It’s easy, or at any rate easier, to look terrific with a great, well-written part, with something like, say, The King’s Speech, The Social Network or True Grit. It’s harder to be superb in schlock or flawed movies like Fanboys, Take Me Home Tonight and even “Mars Needs Moms,“ all Fogler credits. Or when you‘re making some of it up yourself. (Some of “Mars” seems improvised.) But Fogler, whom I had ignorantly sort of dismissed as a mini-Jack Black, has the stuff, totally. Gribble is a great job. Even though Mars Needs Moms is a cartoon sci-fi fantasy, you laugh and feel for this crazy irrepressible babble-mouth shlump-a-clump. (Not that my pals F. X., or Sluggo, ever babbled, or schlumped, or clumped. But they could have voiced Gribble too.) I’m sure other people and critics are noticing this part, and that Fogler has been noticed lots of times before, for his Spelling Bee play, and others. But now I can say you heard it here. Not necessarily first. But you heard it.

Despair (Three Stars)
Germany: Rainer Werner Fassbinder, 1978 (Olive)
R. W. Fassbinder made Despair — an adaptation of Vladimir Nabokov’s novel about a candy manufacturer in ’30s Germany who’s going crazy and thinks he’s found his doppleganger — in the middle of his greatest period, 1978-1982, the time of The Marriage of Maria Braun, Lili Marleen and Fassbinder’s masterpiece Berlin Alexanderplatz. But, it’s not as strong as those pictures, and for a movie set in Germany during the rise of Hitler, it sometimes seems unsettlingly disengaged. It wasn’t the English language breakthrough he wanted. 
But it’s a very good film anyway: an intelligent, high-style examination, of  decadent lives and a civilization about to plunge into Fascism and madness too. In a way, Despair is an hommage to Luchino Visconti, another gay art film master, and to the movie Fassbinder once named as his all-time favorite, Visconti’s 1969 epic of moral and social collapse The Damned — whose star Dirk Bogarde here stars for Fassbinder as the deranged candy man Hermann Hermann. (Shades of Humbert Humbert in “Lolita.”) With Andrea Ferreoll, Volker Spengler, Peter Kern and Bernhard Wicki (who directed the classic German anti-war film The Bridge).  Photographed, smashingly, by Michael Ballhaus. No extras.    
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It shows how out of it I was in trying to be in it, acknowledging that I was out of it to myself, and then thinking, “Okay, how do I stop being out of it? Well, I get some legitimate illogical narrative ideas” — some novel, you know?

So I decided on three writers that I might be able to option their material and get some producer, or myself as producer, and then get some writer to do a screenplay on it, and maybe make a movie.

And so the three projects were “Do Androids Dream of Electric Sheep,” “Naked Lunch” and a collection of Bukowski. Which, in 1975, forget it — I mean, that was nuts. Hollywood would not touch any of that, but I was looking for something commercial, and I thought that all of these things were coming.

There would be no Blade Runner if there was no Ray Bradbury. I couldn’t find Philip K. Dick. His agent didn’t even know where he was. And so I gave up.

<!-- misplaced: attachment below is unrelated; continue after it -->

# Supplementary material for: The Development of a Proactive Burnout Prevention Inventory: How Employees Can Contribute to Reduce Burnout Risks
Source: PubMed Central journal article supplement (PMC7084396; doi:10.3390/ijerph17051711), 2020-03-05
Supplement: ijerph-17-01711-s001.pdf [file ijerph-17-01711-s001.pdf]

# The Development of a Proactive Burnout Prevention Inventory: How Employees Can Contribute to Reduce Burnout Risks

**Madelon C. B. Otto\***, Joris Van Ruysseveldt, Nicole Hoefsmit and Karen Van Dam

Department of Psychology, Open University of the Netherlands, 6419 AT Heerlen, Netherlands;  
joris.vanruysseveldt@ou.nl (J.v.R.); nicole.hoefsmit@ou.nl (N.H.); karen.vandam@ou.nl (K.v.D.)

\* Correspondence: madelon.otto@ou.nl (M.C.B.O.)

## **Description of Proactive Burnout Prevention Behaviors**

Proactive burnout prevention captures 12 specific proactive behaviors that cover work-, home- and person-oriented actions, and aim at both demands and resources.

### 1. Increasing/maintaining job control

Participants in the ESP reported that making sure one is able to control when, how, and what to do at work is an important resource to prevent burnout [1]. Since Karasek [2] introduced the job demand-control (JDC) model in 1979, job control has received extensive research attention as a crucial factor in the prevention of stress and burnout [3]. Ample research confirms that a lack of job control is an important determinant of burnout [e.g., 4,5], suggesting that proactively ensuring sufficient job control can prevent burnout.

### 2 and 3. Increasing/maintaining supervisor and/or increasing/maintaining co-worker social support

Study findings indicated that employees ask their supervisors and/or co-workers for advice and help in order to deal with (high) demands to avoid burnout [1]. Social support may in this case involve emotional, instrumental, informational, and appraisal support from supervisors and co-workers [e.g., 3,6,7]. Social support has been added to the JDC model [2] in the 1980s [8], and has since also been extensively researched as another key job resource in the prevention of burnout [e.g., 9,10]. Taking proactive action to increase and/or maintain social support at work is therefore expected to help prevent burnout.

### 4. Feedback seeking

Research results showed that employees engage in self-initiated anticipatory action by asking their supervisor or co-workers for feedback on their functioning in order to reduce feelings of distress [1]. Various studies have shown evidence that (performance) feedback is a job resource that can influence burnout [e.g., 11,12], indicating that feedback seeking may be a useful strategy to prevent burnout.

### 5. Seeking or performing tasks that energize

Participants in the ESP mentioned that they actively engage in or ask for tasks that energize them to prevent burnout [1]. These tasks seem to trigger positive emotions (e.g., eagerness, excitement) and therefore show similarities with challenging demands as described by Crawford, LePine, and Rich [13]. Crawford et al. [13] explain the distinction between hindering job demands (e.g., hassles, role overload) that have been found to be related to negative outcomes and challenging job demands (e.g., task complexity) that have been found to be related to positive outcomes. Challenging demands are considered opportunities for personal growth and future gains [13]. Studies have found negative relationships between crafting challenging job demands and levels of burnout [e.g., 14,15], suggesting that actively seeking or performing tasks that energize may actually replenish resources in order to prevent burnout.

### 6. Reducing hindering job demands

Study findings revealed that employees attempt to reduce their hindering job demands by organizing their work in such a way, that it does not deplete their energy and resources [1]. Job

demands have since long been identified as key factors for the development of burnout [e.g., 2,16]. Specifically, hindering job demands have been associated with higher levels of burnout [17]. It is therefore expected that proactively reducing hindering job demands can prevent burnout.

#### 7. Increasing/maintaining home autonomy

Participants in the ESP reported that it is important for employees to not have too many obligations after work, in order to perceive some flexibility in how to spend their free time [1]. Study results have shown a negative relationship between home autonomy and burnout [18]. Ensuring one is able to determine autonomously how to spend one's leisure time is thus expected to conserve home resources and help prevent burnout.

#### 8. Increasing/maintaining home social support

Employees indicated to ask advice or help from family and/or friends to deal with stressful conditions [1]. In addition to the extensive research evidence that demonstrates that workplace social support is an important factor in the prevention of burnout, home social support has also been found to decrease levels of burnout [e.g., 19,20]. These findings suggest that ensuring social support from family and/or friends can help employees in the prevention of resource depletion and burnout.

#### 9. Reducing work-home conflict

I was walking down the street and I ran into Bradbury — he directed a play that I was going to do as an actor, so we know each other, but he yelled “hi” — and I’d forgot who he was.

So at my girlfriend Barbara Hershey’s urging — I was with her at that moment — she said, “Talk to him! That guy really wants to talk to you,” and I said “No, fuck him,” and keep walking.

But then I did, and then I realized who it was, and I thought, “Wait, he’s in that realm, maybe he knows Philip K. Dick.” I said, “You know a guy named—” “Yeah, sure — you want his phone number?”

My friend paid my rent for a year while I wrote, because it turned out we couldn’t get a writer. My friends kept on me about, well, if you can’t get a writer, then you write.”
~ Hampton Fancher

“That was the most disappointing thing to me in how this thing was played. Is that I’m on the phone with you now, after all that’s been said, and the fundamental distinction between what James is dealing with in these other cases is not actually brought to the fore. The fundamental difference is that James Franco didn’t seek to use his position to have sex with anyone. There’s not a case of that. He wasn’t using his position or status to try to solicit a sexual favor from anyone. If he had — if that were what the accusation involved — the show would not have gone on. We would have folded up shop and we would have not completed the show. Because then it would have been the same as Harvey Weinstein, or Les Moonves, or any of these cases that are fundamental to this new paradigm. Did you not notice that? Why did you not notice that? Is that not something notable to say, journalistically? Because nobody could find the voice to say it. I’m not just being rhetorical. Why is it that you and the other critics, none of you could find the voice to say, “You know, it’s not this, it’s that”? Because — let me go on and speak further to this. If you go back to the L.A. Times piece, that’s what it lacked. That’s what they were not able to deliver. The one example in the five that involved an issue of a sexual act was between James and a woman he was dating, who he was not working with. There was no professional dynamic in any capacity.

~ David Simon